An A-Camp love story to help ease your comedown!
“I try and proudly practice calling my body home, to truly inhabit my body, to feel what it feels like to live inside these muscles that bend and curl, and to feel proud of it, and no longer ashamed. This is queer crip pride.”
“The ADA tends to disintegrate in the hands of airlines and their staff, especially for POC and QTPOC, and it doesn’t matter if the law is on your side.”
“I feel affinity for parts of Asian communities, neuerodivergent communities, queer communities and kink communities. I don’t really feel completely invested in one place. It’s always been like that.”
“Before becoming a parent, I looked at parenting through rose-colored glasses — with an able-bodied person’s perspective. It was drilled into my head by other people, well-meaning as they were, that I probably shouldn’t have children.”
“Deformed spine”? Yikes.
Recovering from trauma through feline friendship.
Your curriculum isn’t “one size fits all” if “all” means “nondisabled straight people.”
“There are people who, when I say I have a chronic illness and try to talk about it, will be like ‘Well, you’re just an adult now.’ I mean, yes, but also, this is real. It does keep me at home a lot. I do have a weakened immune system. I’m not making this up.”
“In the midst of all this grief and uncertainty, we must rise up and practice pride every day.”
“Why is a hug or a kiss seen as so much more loving than spending the time to give comments on a paper full of cherished ideas? Than sharing a drink to celebrate a quarter’s hard work? Than creating something together?”
When I saw the hashtag #DisabledAndCute gaining steam on Twitter last weekend, I felt an immediate tug of recognition. Disabled folks were here, owning our bodies and looks rather than trying to cover up, slink away, or downplay.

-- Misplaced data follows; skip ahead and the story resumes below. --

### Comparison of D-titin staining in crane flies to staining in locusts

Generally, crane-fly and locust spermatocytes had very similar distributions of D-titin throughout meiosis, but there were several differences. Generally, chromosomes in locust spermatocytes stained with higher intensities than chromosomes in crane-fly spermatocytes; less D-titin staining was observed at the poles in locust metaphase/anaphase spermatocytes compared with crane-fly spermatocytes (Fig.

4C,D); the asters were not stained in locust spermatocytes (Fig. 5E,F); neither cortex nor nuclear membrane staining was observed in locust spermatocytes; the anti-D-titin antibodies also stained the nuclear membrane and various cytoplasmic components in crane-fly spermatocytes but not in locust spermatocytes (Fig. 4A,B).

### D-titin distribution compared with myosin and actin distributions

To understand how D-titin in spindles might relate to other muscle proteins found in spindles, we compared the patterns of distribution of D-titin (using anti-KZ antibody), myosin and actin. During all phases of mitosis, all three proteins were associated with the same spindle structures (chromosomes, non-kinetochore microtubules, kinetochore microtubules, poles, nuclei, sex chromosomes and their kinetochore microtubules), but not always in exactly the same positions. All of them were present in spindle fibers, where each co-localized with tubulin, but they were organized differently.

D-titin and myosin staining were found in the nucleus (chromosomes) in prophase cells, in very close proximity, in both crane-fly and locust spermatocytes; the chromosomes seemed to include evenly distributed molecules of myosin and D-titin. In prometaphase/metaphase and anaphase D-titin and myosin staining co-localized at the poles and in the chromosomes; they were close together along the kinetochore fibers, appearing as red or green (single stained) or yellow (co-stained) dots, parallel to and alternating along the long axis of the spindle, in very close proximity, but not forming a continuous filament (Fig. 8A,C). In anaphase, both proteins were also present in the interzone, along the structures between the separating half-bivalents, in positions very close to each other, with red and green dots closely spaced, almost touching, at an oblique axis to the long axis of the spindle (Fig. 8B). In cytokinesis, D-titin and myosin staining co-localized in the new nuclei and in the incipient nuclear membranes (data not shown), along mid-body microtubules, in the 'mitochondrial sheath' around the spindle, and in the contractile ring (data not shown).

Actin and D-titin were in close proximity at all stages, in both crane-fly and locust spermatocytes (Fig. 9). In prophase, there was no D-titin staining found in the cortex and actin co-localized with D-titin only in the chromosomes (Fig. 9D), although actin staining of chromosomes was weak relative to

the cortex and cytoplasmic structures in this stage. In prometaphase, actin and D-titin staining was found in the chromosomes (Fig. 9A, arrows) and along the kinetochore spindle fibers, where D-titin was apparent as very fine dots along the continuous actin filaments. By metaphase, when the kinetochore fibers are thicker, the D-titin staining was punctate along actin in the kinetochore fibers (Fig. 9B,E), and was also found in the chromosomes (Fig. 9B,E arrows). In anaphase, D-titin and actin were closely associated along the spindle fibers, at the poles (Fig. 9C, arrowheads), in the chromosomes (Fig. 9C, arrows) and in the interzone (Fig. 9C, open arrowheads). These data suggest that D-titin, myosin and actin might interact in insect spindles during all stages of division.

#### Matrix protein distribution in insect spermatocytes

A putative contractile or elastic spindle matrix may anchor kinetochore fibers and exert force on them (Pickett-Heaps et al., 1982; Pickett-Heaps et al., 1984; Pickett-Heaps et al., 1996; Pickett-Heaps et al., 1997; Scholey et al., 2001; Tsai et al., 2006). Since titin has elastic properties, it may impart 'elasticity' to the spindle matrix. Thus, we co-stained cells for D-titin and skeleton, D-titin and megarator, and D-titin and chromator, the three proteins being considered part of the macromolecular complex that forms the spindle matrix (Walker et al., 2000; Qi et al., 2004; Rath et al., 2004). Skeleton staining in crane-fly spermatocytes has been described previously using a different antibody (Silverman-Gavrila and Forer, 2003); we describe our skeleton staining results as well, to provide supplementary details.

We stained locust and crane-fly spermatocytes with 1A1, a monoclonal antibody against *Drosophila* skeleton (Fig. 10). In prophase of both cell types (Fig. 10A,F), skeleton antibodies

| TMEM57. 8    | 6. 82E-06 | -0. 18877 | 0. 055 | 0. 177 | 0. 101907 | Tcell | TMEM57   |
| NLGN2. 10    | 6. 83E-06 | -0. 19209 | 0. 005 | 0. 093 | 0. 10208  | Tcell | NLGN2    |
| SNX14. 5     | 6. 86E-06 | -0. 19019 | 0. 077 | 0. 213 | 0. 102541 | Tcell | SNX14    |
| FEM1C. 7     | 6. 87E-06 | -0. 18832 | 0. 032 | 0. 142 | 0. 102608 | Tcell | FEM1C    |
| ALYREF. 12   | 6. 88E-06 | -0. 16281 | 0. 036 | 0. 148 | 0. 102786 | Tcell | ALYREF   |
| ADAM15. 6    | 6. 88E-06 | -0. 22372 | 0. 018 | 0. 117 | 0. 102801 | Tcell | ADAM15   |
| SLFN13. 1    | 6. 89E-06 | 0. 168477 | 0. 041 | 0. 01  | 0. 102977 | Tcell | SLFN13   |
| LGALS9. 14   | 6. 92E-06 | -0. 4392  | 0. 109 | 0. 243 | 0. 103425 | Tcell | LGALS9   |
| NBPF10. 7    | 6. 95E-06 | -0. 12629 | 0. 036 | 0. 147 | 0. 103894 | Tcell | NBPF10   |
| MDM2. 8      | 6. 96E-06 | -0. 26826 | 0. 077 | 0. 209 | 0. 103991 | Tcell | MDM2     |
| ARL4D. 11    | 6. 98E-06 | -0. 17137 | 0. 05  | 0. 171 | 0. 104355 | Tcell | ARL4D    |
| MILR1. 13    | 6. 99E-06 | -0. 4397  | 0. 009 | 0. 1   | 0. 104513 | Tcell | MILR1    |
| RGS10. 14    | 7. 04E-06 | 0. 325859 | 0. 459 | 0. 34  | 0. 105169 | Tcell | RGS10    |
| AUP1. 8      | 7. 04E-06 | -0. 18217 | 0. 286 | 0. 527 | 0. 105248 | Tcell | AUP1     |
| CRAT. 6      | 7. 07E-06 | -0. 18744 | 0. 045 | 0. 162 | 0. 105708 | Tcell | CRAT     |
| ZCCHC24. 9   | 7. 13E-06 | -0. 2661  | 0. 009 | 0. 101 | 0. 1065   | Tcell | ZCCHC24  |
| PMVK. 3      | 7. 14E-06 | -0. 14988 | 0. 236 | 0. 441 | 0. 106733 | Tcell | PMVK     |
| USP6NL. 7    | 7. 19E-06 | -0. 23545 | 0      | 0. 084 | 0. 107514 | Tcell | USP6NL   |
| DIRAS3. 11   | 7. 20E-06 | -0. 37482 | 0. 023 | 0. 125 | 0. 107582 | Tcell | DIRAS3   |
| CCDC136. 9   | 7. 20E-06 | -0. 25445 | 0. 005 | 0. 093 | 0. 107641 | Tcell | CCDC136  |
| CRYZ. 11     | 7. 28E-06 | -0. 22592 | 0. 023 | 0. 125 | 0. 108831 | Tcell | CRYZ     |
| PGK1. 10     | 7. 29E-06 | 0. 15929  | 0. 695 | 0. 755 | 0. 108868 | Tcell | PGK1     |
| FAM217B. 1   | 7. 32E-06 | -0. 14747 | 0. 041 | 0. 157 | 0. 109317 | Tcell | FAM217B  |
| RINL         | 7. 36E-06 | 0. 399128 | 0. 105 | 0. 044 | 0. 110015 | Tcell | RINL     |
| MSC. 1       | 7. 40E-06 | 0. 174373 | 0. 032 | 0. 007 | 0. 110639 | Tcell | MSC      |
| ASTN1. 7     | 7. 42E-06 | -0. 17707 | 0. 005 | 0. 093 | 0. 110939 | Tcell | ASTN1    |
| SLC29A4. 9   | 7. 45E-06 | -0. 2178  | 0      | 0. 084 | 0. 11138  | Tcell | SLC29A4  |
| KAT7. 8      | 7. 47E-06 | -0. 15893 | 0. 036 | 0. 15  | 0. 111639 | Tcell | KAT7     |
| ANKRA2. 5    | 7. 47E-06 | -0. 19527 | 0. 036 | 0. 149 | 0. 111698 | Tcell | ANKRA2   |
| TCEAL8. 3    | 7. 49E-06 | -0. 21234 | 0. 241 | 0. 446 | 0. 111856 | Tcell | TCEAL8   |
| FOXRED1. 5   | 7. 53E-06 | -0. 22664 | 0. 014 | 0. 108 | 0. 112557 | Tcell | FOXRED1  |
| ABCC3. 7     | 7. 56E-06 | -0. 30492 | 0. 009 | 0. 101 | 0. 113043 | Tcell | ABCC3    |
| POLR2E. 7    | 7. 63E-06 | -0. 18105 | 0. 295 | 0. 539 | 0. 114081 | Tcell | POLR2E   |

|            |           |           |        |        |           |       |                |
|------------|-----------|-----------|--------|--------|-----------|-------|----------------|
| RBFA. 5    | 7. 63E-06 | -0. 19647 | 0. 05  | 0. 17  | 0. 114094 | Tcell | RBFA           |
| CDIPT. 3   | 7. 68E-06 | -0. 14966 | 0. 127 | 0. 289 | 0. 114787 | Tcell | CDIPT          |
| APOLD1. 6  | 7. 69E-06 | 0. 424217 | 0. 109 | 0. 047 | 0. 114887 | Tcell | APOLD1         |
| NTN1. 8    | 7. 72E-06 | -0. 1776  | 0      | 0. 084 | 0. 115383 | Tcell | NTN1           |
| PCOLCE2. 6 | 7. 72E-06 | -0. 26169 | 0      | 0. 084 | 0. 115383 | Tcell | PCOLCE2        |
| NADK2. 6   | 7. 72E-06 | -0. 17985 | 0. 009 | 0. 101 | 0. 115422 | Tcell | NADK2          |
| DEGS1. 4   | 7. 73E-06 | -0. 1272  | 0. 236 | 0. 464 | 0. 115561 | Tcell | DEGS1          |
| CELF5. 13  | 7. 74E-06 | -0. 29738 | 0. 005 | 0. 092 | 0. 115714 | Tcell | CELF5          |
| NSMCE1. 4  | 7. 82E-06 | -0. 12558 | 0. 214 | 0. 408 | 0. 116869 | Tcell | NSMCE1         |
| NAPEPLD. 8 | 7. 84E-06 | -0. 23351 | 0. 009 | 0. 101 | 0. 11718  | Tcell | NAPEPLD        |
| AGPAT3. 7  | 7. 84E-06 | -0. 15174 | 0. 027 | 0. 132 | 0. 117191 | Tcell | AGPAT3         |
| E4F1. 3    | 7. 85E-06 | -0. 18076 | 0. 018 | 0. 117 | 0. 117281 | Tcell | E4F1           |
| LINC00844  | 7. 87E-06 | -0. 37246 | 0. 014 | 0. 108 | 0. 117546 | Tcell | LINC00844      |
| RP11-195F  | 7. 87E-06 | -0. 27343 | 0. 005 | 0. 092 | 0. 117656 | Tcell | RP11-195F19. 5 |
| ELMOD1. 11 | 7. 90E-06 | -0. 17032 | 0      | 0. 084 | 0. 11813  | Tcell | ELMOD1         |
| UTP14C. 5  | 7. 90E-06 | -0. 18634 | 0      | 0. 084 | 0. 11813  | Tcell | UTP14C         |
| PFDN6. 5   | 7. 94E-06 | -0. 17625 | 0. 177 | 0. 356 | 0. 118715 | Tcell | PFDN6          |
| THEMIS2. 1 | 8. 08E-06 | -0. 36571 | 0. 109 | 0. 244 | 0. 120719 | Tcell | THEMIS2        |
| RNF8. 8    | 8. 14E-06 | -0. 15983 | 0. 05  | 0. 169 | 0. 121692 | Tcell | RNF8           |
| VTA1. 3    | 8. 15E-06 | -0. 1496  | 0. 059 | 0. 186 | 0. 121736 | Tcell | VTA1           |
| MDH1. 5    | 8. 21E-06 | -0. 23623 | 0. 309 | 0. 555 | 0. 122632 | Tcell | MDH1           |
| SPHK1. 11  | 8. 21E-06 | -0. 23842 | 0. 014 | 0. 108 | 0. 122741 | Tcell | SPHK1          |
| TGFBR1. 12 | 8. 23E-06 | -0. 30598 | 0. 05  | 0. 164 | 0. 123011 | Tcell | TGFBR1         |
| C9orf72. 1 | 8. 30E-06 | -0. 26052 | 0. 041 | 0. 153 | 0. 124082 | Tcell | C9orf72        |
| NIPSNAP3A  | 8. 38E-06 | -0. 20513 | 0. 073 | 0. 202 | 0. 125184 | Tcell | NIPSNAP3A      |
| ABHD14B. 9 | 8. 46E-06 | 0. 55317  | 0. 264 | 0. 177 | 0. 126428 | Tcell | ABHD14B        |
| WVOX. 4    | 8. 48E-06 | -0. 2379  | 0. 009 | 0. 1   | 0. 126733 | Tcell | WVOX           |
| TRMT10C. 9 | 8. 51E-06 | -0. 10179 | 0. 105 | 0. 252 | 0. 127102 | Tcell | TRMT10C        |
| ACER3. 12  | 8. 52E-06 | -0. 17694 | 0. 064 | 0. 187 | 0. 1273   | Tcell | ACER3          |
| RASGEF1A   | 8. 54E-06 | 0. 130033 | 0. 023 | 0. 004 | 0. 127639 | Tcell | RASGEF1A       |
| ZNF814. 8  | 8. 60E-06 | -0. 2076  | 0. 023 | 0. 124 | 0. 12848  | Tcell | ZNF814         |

“We met on the first day of high school. I was drawn to her for some reason. She was reading; that might have been it. She had glasses; that could have been it, too.”
A roundtable with disabled advocates, leaders, and protesters on how they came to activism, building an inclusive movement, and resources you should know about.
“Gaze out the window or exist in silhouette as often as possible.”
“After any terrorist attack, we’re all sitting on the imaginary couch together being like, ‘Please don’t be brown, please don’t be brown, please don’t be brown.’ And it’s not even a joke.”
In honor of all the other crips I saw in the streets on the Women’s March on Washington, of every disabled woman who’s had it with lip service and wants to make sure this movement belongs to all of us, here are ten more who are already preparing the way.
In the spirit of gathering our strength and resisting the living hell out of these next four years, I bring you our sweetest installment to date — along with some notes for the revolution.
“I’m a Nice Person — I have one of those irrepressibly pleasant faces that makes people want to sit next to me on public transportation — but I can be nice and angry, I can be smart and angry, and I can be worth listening to and angry.”
“The internet kind of brought me to a space where, with able-bodied people first, I could be judged a little less.”